Catalogue

COVID-19: Updates on library services and operations.

Colonial women [electronic resource] : race and culture in Stuart drama /
Heidi Hutner.
imprint
Oxford ; New York : Oxford University Press, 2001.
description
ix, 141 p.
ISBN
0195141881 (Cloth)
format(s)
Book
Holdings
More Details
imprint
Oxford ; New York : Oxford University Press, 2001.
isbn
0195141881 (Cloth)
restrictions
Licensed for access by U. of T. users.
general note
Title from e-book title screen (viewed October 16, 2007).
catalogue key
7371278
 
Includes bibliographical references (p. 111-130) and index.
A Look Inside
Full Text Reviews
Appeared in Choice on 2002-04-01:
This is not a book for beginners: to follow its intricate argument, readers should have Shakespeare's Tempest (and John Dryden and William D'Avenant's revision of it, The Enchanted Island), Dryden's Indian Queen and Indian Emperor, and Aphra Behn's Widow Ranter fresh in their heads. Even more requisite is familiarity with a large body of colonialist, gender, and cultural-materialist theorizing, the conclusions of which Hutner (SUNY, Stony Brook) takes as providing established intellectual connections. She finds the same connections embodied in the plays' mappings of imperialism onto the female body, especially the racialized female body. Hutner is most interesting in treating Behn, the subject of a volume she edited (Rereading Aphra Behn, CH, Mar'94). But only readers who share the author's manifold assumptions--and in particular who share the currently popular view of Shakespeare's Tempest as a parable of colonial dominion--will be able to make full use of this book. Graduate and research collections. D. L. Patey Smith College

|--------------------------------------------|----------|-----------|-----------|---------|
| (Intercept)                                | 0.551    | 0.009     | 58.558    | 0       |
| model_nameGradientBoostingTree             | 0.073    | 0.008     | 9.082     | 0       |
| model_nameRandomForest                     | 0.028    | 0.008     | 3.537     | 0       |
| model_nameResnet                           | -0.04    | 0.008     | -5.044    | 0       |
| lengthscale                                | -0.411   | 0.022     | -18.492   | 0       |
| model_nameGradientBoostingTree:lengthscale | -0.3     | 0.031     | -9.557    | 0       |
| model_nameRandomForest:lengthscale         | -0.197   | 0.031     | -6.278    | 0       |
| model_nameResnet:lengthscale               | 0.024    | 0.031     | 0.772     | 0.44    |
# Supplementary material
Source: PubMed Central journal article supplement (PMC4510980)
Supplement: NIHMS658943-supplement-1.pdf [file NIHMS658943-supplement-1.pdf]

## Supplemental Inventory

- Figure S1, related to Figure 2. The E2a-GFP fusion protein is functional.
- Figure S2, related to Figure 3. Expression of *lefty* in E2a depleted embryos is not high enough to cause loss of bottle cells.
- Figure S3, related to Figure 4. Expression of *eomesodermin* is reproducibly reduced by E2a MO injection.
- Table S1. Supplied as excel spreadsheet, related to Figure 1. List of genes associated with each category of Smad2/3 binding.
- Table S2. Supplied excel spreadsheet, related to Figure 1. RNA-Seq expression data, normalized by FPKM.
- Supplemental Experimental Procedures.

Reviews
Review Quotes
"[Hutner] provides suggestive readings of various Tempest adaptations [and] adds new insights into that increasingly significant text [The Widow Ranter].... Hutner's sometimes passionate, often informed readings point the way toward the necessary rereading of seventeenth- (and eighteenth-) century plays in order to decode the contemporary reading of colonial America."--Early American Literature
"[Hutner] provides suggestive readings of various Tempest adaptations [and] adds new insights into that increasingly significant text [The Widow Ranter].... Hutner's sometimes passionate, often informed readings point the way toward the necessary rereading of seventeenth- (and eighteenth-)century plays in order to decode the contemporary reading of colonial America."--Early American Literature
"[Hutner] provides suggestive readings of various Tempest adaptations[and] adds new insights into that increasingly significant text [The WidowRanter].... Hutner's sometimes passionate, often informed readings point the waytoward the necessary rereading of seventeenth- (and eighteenth-) century playsin order to decode the contemporary reading of colonial America."--EarlyAmerican Literature
"[Hutner] provides suggestive readings of various Tempest adaptations [and] adds new insights into that increasingly significant text [ The Widow Ranter ].... Hutner's sometimes passionate, often informed readings point the way toward the necessary rereading of seventeenth- (and eighteenth-) century plays in order to decode the contemporary reading of colonial America."-- Early American Literature
"[Hutner] provides suggestive readings of variousTempestadaptations [and] adds new insights into that increasingly significant text [The Widow Ranter].... Hutner's sometimes passionate, often informed readings point the way toward the necessary rereading of seventeenth- (and eighteenth-) century plays in order to decode the contemporary reading of colonial America."--Early American Literature
This item was reviewed in:
Choice, April 2002
To find out how to look for other reviews, please see our guides to finding book reviews in the Sciences or Social Sciences and Humanities.
Summaries
Bowker Data Service Summary
Focusing on gender and race in Stuart drama, Heidi Hutner argues that in such drama, as in historical accounts, the symbol of the native woman is used to justify and promote the exploitation of the New World and its inhabitants.
Long Description